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Oct. 25, 2021

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Neighbors’ cat brings comfort in pandemic

Interactions with feline provide solace in pandemic

5 Photos
This photo provided by writer Solvej Schou shows Schou's neighbors' cat, Kevin as he sits on Schou and her husband's porch on Aug. 21, 2021 in Pasadena, Calif.
This photo provided by writer Solvej Schou shows Schou's neighbors' cat, Kevin as he sits on Schou and her husband's porch on Aug. 21, 2021 in Pasadena, Calif. (Solvej Schou via AP) (Solvej Schou) Photo Gallery

PASADENA, Calif. — His name is Kevin.

Kevin, with gray, black and white tiger stripes, his furry underbelly white, his eyes bright yellow. “What’s the name of your cat?” we asked our neighbors. “Kevin.” “Kevin?” Yes.

A random and perfect name for a cat.

For the almost decade that we’ve lived at our rental house here, my husband, Dave, and I didn’t know or see Kevin. For years, he existed in the crevices of our next door neighbors’ house, a fuzzy ball of affection waiting to be discovered. An indoor-outdoor tabby, he apparently visited other people in the neighborhood, but not us.

Last year, as my staff senior writer job at a college hard-pivoted from working in an office to working remotely from home, due to the pandemic, and my creative life as a musician ground to a homebound halt, Kevin came by a few times when I sat at a tiny outdoor table on the side of our place. He rubbed against my leg. After that — whoosh — he disappeared.

Then, this year, in mid-March, we saw Kevin on our porch.

He came over to me, staring up with those big, yellow, serious eyes. He flopped onto his back, and he let me scratch his head. I documented the moment on social media: “Made a new friend today. Kevin, our neighbors’ cat. Comforting to pet him, and he loves the attention.”

Day by day, Kevin started coming around regularly. His routine was always the same: He would suddenly show up, stare at us with a silent urgent meow, and then walk back and forth rubbing his face on our wooden porch bench. He would allow us to bend down and pet him with long strokes. It always seemed like a privilege to pet him: this deeply affectionate neighbors’ cat who was as shiny and new to us as we were to him.

In mid-April, Dave went to a pet store and bought Kevin a squeaky toy — a small mouse with gray fake fur and a wispy feather tail. Kevin would pounce on it with glee. Squeak, squeak, squeak! By that time, I was fully vaccinated against COVID-19, and Dave a month later. Kevin’s owners were vaccinated too.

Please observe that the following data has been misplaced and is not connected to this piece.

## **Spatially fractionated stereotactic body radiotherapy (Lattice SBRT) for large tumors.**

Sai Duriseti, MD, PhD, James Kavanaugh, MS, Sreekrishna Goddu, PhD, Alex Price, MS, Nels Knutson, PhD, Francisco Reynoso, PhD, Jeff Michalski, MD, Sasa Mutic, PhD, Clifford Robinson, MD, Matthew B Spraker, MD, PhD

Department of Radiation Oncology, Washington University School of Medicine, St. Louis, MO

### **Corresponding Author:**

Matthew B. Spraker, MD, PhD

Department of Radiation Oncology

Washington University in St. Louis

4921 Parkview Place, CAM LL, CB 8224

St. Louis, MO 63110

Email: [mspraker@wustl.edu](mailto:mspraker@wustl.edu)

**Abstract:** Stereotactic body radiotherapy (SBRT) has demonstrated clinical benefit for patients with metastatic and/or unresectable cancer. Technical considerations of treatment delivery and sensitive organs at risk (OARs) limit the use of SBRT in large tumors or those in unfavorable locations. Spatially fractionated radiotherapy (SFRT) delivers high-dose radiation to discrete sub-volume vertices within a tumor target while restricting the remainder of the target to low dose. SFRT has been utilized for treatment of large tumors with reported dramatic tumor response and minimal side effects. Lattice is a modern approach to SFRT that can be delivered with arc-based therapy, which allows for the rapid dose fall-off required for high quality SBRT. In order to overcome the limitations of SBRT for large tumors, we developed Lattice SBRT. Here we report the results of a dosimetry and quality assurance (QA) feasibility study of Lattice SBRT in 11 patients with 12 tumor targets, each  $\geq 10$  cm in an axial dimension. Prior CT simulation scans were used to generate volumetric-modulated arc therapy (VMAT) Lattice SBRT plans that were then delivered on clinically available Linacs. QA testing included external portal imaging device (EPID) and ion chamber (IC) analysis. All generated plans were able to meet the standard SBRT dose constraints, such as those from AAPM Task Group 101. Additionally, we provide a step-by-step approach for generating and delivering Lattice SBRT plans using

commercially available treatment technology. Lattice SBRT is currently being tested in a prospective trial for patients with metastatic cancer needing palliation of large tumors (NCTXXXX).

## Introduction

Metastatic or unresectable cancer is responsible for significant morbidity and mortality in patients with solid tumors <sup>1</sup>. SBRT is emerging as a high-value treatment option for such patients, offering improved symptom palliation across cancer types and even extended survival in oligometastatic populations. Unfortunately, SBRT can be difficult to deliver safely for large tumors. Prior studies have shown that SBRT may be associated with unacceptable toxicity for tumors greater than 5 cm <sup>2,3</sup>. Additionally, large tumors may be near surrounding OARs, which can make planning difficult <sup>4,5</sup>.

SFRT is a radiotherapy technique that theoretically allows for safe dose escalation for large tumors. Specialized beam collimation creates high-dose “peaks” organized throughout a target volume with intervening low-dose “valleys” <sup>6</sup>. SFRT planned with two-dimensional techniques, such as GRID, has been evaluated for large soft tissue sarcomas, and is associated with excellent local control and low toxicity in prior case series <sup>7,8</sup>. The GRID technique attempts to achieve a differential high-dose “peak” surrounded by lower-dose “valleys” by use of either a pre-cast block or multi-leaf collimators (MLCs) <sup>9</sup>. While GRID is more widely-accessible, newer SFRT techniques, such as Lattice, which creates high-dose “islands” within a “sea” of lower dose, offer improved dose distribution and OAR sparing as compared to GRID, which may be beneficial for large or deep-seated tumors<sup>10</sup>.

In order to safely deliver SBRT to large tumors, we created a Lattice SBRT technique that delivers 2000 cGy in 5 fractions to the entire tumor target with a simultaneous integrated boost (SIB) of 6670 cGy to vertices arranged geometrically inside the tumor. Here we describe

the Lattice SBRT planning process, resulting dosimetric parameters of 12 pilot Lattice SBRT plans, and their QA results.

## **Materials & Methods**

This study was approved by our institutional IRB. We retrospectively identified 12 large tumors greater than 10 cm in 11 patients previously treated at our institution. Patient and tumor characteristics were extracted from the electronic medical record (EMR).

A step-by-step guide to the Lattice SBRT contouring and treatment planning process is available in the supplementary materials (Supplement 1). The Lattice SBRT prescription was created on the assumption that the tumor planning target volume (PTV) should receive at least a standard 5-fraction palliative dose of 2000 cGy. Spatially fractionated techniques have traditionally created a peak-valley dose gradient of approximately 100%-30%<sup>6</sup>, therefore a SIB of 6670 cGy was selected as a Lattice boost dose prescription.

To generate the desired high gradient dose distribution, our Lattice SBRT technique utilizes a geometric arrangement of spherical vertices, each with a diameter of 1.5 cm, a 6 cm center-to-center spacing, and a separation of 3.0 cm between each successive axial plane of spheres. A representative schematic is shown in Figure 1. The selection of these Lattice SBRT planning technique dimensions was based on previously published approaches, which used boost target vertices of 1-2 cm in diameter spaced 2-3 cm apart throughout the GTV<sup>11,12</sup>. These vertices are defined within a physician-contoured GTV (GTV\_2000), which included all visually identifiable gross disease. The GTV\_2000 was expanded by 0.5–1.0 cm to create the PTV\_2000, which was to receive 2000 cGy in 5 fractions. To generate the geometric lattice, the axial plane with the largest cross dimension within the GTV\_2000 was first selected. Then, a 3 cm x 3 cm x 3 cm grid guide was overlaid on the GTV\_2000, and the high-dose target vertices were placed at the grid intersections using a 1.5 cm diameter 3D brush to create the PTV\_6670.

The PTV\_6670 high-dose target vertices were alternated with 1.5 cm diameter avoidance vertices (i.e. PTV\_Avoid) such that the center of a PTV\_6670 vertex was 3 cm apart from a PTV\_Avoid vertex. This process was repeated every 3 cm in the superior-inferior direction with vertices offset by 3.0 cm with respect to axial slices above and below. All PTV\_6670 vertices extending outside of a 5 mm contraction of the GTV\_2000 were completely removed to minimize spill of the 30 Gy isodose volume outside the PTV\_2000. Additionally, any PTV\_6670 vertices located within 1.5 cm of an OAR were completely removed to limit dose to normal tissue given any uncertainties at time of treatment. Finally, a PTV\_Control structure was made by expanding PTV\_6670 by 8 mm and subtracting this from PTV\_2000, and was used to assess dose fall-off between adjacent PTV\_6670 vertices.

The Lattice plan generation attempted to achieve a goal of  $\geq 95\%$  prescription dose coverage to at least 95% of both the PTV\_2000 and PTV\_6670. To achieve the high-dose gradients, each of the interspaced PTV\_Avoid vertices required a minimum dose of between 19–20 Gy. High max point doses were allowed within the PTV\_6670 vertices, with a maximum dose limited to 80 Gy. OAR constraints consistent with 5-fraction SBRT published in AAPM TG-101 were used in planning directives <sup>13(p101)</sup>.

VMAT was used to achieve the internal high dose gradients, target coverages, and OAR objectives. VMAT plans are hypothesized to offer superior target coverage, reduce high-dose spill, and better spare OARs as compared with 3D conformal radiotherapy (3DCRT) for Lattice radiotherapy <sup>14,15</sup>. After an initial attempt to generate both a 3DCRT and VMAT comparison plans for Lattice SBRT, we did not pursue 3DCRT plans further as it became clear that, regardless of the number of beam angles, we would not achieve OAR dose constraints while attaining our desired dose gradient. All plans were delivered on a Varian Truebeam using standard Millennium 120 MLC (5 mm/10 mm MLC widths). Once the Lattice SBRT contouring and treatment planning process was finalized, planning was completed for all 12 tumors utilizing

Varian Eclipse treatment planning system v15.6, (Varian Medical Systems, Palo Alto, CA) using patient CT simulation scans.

Sometimes at night we would hear a thump, peek through our living room blinds, and there was Kevin, sitting on the outside window ledge, staring back at us with large, black, dilated pupils, his face almost pressed against the glass. We’ve never fed Kevin or let him inside. We put out a bowl of water for him daily.

It went like this until one momentous afternoon in early April, when Kevin sat on my lap. He jumped on as I was sitting on our porch bench, wearing a black dress with white swirls, and he proceeded to shed all over me. It was a big step in our human-cat relationship.

He didn’t sit on my lap again until a few weeks later, when I sat on the porch floor with my legs sticking out, wearing my neighborhood walking outfit. Kevin stretched himself across my lap, while I petted him for 20 minutes. I wanted to cry I was so happy.

During this pandemic, when so many of us feel isolated and uncertain, random new connections — like Kevin strolling into our lives, on his terms — feel more profound, and comforting.

Still working from home, I find myself going out onto the porch at different times expecting to see him, but he’s not there. When he does visit, Dave and I are so happy for his presence. In other words, he’s a cat, with the whims of a cat. He does what he wants, goes where he wants, and his affection is a joy and a privilege.